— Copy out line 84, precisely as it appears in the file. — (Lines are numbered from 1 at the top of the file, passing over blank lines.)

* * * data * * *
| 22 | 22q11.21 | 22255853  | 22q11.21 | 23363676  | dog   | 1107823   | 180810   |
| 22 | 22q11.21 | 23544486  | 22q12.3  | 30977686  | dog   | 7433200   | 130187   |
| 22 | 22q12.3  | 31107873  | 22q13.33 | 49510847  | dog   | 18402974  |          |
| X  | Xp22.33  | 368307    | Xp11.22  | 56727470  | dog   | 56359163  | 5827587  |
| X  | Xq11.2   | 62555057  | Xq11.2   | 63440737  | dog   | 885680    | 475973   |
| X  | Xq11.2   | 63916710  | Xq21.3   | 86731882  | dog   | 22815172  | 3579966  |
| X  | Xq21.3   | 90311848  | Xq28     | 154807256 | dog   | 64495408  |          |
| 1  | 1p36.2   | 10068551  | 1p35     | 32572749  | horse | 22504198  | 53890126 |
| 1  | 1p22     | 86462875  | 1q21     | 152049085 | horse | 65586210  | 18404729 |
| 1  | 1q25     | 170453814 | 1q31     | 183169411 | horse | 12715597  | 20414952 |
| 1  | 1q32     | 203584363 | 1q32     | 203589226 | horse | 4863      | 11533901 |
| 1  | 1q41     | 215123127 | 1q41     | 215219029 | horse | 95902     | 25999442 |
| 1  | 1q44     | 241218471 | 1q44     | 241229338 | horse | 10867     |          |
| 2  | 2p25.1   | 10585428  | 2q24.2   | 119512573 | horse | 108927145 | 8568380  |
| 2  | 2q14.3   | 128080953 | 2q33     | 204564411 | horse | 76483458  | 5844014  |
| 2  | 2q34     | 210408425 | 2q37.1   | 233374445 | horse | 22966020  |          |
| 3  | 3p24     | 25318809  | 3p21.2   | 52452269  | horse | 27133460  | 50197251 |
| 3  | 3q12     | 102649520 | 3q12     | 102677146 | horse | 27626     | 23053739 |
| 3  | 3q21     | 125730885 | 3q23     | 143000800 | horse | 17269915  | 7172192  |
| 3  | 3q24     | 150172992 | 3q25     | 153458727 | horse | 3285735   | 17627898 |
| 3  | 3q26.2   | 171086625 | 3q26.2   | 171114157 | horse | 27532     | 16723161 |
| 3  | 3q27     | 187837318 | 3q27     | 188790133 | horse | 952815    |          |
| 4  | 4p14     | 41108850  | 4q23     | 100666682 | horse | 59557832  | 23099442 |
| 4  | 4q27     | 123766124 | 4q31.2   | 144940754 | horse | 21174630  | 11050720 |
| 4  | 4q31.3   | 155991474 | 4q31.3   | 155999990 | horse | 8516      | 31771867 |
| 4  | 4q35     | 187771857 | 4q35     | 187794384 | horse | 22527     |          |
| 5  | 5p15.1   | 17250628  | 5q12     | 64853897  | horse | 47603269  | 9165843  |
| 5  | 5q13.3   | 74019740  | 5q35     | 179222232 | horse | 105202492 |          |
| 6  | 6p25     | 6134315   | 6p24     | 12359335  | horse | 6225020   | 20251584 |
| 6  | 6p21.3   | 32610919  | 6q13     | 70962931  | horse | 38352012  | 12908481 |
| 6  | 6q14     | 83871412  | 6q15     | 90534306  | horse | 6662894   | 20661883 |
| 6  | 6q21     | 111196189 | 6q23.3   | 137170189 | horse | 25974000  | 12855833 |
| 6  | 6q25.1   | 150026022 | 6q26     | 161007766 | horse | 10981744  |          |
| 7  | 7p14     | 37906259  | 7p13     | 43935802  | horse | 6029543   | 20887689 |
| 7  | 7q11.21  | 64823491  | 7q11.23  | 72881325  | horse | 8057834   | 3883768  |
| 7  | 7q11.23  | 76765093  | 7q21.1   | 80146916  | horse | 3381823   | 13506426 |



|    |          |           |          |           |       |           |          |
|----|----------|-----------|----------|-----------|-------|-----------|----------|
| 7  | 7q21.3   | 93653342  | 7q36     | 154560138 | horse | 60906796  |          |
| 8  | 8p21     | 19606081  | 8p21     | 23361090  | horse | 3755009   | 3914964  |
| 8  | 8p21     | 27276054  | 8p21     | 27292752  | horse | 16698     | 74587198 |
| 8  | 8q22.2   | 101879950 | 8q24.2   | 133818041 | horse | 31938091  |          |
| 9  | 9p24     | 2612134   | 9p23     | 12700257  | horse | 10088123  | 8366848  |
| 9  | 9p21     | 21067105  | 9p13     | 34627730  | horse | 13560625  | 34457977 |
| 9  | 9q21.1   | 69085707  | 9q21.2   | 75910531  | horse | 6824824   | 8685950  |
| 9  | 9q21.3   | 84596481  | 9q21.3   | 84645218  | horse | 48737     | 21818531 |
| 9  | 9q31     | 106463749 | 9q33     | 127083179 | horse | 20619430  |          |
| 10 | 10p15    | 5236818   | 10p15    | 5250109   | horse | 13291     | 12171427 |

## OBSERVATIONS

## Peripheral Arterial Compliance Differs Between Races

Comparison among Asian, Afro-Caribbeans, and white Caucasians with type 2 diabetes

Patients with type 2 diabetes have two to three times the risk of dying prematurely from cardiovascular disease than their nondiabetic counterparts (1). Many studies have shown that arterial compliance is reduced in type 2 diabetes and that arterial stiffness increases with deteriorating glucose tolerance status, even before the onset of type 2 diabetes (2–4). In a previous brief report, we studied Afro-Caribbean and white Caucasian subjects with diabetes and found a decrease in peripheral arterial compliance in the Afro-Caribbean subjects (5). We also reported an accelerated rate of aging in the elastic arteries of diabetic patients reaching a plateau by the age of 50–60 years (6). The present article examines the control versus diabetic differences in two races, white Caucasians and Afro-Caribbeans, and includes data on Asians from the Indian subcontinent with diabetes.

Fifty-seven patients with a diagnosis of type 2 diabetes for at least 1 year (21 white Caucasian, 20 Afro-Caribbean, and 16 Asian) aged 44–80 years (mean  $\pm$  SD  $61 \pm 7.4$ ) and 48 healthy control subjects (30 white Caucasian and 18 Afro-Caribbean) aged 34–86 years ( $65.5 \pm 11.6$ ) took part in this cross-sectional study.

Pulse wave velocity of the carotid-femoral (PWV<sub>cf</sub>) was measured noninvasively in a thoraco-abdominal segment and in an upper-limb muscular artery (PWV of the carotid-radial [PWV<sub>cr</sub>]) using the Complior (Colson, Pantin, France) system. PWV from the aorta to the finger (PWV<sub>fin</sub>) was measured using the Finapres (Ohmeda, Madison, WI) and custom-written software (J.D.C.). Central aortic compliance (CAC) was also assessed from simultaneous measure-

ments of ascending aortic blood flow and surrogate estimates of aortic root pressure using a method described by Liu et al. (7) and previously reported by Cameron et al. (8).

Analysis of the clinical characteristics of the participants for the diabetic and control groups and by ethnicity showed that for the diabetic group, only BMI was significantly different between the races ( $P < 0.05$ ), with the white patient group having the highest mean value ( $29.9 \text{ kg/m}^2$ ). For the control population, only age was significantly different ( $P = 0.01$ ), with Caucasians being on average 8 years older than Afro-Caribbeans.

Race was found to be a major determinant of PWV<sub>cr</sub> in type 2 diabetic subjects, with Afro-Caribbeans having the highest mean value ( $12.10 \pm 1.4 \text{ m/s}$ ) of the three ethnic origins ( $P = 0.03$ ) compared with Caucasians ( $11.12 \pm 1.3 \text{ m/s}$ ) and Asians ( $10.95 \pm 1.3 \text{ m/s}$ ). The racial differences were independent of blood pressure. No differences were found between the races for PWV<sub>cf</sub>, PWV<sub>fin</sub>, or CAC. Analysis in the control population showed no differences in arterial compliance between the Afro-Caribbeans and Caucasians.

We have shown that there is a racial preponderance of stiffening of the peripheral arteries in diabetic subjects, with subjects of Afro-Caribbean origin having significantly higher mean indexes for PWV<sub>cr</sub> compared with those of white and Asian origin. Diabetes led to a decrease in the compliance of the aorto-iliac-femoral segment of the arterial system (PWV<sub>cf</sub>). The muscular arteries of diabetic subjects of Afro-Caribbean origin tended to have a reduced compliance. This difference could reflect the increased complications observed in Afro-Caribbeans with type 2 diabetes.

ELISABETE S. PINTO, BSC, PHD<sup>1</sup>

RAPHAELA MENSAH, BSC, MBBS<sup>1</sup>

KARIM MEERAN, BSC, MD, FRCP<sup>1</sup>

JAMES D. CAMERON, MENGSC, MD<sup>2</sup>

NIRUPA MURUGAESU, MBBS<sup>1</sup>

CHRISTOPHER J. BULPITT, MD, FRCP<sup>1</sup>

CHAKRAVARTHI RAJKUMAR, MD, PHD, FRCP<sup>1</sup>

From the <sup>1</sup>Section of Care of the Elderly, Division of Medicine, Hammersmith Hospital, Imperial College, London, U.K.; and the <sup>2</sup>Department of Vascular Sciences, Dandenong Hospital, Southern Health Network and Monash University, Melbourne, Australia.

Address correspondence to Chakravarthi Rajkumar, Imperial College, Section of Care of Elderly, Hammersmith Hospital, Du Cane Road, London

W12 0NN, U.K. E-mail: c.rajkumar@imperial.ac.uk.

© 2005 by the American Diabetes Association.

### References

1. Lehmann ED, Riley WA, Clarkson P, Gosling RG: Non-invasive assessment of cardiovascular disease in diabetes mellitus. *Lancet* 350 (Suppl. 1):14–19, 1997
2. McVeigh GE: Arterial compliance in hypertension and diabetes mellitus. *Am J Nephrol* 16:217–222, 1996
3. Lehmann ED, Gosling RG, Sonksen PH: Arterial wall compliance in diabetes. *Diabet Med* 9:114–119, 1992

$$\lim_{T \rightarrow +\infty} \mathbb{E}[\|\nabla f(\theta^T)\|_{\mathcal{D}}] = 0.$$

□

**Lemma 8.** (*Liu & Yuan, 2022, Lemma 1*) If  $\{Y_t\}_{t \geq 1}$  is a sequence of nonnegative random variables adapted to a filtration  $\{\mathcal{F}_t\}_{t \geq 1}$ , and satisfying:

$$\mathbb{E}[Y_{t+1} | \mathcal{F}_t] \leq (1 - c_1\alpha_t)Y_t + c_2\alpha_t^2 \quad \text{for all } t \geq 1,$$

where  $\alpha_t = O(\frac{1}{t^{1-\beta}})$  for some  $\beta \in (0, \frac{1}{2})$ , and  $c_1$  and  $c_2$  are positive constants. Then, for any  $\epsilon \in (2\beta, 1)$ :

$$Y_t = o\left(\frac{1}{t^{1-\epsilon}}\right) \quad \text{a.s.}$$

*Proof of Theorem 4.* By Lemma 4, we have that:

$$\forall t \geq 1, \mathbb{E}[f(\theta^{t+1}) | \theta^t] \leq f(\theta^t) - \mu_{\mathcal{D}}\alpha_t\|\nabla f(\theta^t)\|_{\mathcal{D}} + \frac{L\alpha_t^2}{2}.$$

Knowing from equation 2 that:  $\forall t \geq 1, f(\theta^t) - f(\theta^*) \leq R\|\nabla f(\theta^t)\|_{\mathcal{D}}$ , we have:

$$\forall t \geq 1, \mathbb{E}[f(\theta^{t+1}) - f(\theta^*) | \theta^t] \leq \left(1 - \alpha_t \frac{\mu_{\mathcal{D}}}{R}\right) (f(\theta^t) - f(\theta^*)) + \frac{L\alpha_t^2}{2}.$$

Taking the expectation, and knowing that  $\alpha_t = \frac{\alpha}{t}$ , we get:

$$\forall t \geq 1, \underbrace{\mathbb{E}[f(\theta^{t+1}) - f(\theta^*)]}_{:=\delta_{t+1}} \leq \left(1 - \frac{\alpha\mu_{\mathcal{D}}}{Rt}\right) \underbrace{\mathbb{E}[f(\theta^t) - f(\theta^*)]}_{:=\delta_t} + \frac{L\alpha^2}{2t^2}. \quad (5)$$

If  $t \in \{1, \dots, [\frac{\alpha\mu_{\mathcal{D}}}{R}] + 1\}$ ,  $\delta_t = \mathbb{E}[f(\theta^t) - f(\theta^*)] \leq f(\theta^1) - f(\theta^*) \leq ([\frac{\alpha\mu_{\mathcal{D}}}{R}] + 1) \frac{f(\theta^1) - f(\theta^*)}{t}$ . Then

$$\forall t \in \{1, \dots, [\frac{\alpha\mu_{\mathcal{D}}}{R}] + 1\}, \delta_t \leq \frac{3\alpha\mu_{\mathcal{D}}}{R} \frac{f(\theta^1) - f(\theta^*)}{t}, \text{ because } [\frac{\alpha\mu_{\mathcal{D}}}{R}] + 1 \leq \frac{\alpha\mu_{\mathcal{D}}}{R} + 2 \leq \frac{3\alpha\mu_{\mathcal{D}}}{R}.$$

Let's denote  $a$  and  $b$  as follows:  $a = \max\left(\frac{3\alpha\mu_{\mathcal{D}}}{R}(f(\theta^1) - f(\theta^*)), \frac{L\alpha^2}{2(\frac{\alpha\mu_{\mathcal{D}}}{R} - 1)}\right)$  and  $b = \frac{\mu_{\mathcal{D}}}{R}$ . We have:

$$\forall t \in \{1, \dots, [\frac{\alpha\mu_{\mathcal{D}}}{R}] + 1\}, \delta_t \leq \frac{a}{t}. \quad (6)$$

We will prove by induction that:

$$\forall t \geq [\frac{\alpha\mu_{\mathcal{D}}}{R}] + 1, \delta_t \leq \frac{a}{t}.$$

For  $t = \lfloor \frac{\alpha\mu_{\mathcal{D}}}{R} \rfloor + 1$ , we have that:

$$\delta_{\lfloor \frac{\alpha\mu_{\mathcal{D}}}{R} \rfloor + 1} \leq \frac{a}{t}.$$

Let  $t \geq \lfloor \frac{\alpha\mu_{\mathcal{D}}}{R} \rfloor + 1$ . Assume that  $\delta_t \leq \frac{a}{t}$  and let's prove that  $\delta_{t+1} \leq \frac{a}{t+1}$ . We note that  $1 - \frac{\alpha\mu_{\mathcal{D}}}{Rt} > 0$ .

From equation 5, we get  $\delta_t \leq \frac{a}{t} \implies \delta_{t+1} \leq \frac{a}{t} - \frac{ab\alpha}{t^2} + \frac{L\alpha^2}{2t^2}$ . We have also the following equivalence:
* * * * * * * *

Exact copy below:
Taking the expectation, and knowing that  $\alpha_t = \frac{\alpha}{t}$ , we get: